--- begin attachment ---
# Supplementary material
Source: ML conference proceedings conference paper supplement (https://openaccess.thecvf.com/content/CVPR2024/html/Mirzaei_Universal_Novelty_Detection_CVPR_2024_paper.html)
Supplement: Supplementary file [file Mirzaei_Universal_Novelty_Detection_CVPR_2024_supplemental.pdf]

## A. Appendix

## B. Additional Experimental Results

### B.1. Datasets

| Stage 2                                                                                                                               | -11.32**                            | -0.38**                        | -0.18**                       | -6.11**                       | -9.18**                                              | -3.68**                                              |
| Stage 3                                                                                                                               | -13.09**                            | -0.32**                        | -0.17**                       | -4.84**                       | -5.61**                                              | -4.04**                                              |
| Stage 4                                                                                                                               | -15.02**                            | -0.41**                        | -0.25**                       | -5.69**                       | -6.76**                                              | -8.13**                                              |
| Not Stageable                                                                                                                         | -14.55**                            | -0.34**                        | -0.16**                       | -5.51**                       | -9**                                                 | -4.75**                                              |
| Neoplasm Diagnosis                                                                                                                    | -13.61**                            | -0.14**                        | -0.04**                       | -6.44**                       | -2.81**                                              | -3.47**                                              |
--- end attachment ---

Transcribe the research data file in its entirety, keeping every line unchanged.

# Supplementary material
Source: ML conference proceedings conference paper supplement (https://openaccess.thecvf.com/content/CVPR2024/html/Mirzaei_Universal_Novelty_Detection_CVPR_2024_paper.html)
Supplement: Supplementary file [file Mirzaei_Universal_Novelty_Detection_CVPR_2024_supplemental.pdf]

## A. Appendix

## B. Additional Experimental Results

### B.1. Datasets

| Stage 2                                                                                                                               | -11.32**                            | -0.38**                        | -0.18**                       | -6.11**                       | -9.18**                                              | -3.68**                                              |
| Stage 3                                                                                                                               | -13.09**                            | -0.32**                        | -0.17**                       | -4.84**                       | -5.61**                                              | -4.04**                                              |
| Stage 4                                                                                                                               | -15.02**                            | -0.41**                        | -0.25**                       | -5.69**                       | -6.76**                                              | -8.13**                                              |
| Not Stageable                                                                                                                         | -14.55**                            | -0.34**                        | -0.16**                       | -5.51**                       | -9**                                                 | -4.75**                                              |
| Neoplasm Diagnosis                                                                                                                    | -13.61**                            | -0.14**                        | -0.04**                       | -6.44**                       | -2.81**                                              | -3.47**                                              |